This diagram was something I sketched out at 4am on the day I went to hospital to be induced. Knowing that it was likely to be a long process, I had planned to spend the day writing a blog post on my reflections of pregnancy after loss, the sense I made of it from a mental health perspective, and how I had managed the relentless 37 weeks to that point. However, I ended up spending the day huffing, puffing and moaning about how slow induction was this time around, pounding the streets around Camberwell, climbing and descending the stairs of Kings College Hospital, bouncing on a ball, sniffing clarey sage and lavender, before finally flopping down with a book and a less than appetising hospital dinner. I am not very patient as my face below shows: Continue Reading
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Today marks my first Mother’s Day since Orla’s birth. I am a mother to a beautiful daughter who would now be almost 11 months old. I am also a mother to a baby growing inside of me. Yet, sometimes it is hard to show the world my status as a parent. I do not have a pram to push or a baby to carry in my arms. I do not go to baby groups or have playdates with other mothers. Yet I feel different to the person I was just last year, as having Orla has changed me irrevocably from the woman I was once. I feel a love and responsibility that I didn’t think was possible. My heart feels infinitely larger and fuller and it aches with pride. Yet I don’t have new photos to show, or new stories to tell. I can’t speak of milestones that have been met or new stages reached in development. But I still have the innate need to parent. It is a natural urge that doesn’t go away even when your child isn’t able to come home with you.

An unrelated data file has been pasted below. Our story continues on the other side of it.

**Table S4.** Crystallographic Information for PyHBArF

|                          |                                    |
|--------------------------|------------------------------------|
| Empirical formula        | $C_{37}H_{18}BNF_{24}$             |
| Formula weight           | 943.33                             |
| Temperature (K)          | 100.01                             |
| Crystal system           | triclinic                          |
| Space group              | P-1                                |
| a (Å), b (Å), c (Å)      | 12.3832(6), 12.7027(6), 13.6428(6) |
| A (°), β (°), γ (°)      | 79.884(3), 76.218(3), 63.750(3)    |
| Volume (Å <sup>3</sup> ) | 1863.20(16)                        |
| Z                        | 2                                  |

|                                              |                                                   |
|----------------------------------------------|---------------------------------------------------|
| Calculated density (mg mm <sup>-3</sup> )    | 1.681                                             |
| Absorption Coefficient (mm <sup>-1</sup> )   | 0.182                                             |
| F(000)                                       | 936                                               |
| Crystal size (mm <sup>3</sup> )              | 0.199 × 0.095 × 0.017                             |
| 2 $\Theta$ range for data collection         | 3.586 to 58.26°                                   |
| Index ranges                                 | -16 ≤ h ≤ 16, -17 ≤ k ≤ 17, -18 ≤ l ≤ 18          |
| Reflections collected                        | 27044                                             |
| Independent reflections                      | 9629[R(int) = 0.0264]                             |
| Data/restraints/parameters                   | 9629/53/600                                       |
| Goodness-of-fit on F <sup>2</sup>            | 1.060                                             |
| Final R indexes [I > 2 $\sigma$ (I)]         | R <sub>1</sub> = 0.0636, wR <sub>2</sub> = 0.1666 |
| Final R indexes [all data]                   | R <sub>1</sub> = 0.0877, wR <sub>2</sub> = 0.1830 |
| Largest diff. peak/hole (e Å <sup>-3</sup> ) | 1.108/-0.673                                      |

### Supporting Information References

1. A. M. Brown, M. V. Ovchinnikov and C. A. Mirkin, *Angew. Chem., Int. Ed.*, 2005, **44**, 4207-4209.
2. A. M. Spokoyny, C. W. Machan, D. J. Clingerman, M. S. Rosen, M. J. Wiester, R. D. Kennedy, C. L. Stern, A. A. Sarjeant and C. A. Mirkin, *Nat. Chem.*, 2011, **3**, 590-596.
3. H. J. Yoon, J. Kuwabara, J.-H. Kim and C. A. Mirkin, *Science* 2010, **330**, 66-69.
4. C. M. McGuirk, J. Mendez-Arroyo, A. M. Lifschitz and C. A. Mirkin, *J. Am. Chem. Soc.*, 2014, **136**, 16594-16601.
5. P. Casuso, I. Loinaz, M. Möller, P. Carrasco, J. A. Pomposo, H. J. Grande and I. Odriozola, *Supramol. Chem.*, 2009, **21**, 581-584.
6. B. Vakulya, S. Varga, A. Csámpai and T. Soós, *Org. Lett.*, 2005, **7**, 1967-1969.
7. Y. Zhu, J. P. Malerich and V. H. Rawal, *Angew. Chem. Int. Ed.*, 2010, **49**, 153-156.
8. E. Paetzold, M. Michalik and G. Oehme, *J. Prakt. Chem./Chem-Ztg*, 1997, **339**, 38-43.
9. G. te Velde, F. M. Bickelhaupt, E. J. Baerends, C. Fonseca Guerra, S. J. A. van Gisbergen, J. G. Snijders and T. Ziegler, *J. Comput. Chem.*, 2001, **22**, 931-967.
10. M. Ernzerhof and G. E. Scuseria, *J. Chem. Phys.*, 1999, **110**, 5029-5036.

As a result, I have had to find my own way to parent; to parent a child who lives in my heart but not in my arms. A way to parent that isn’t included in any manual or book and in a society that isn’t always quite sure how to respond. I have learnt from other mothers who have bravely shared their stories; I have seen how they have honoured their precious children and kept their memories alive. I parent based on gut instinct, doing what feels right and whatever brings comfort, no matter how different or strange it may look to the outside world. The ‘non-loss’ world. I parent in a way that involves developing a thick skin, in a way that it courageous and brave. I battle against barriers and opinions of what is acceptable and not, of what is right or wrong. I may have to justify my choices, to explain and help others to understand. And in some ways, I see many similarities to the challenges that all mothers face. Continue Reading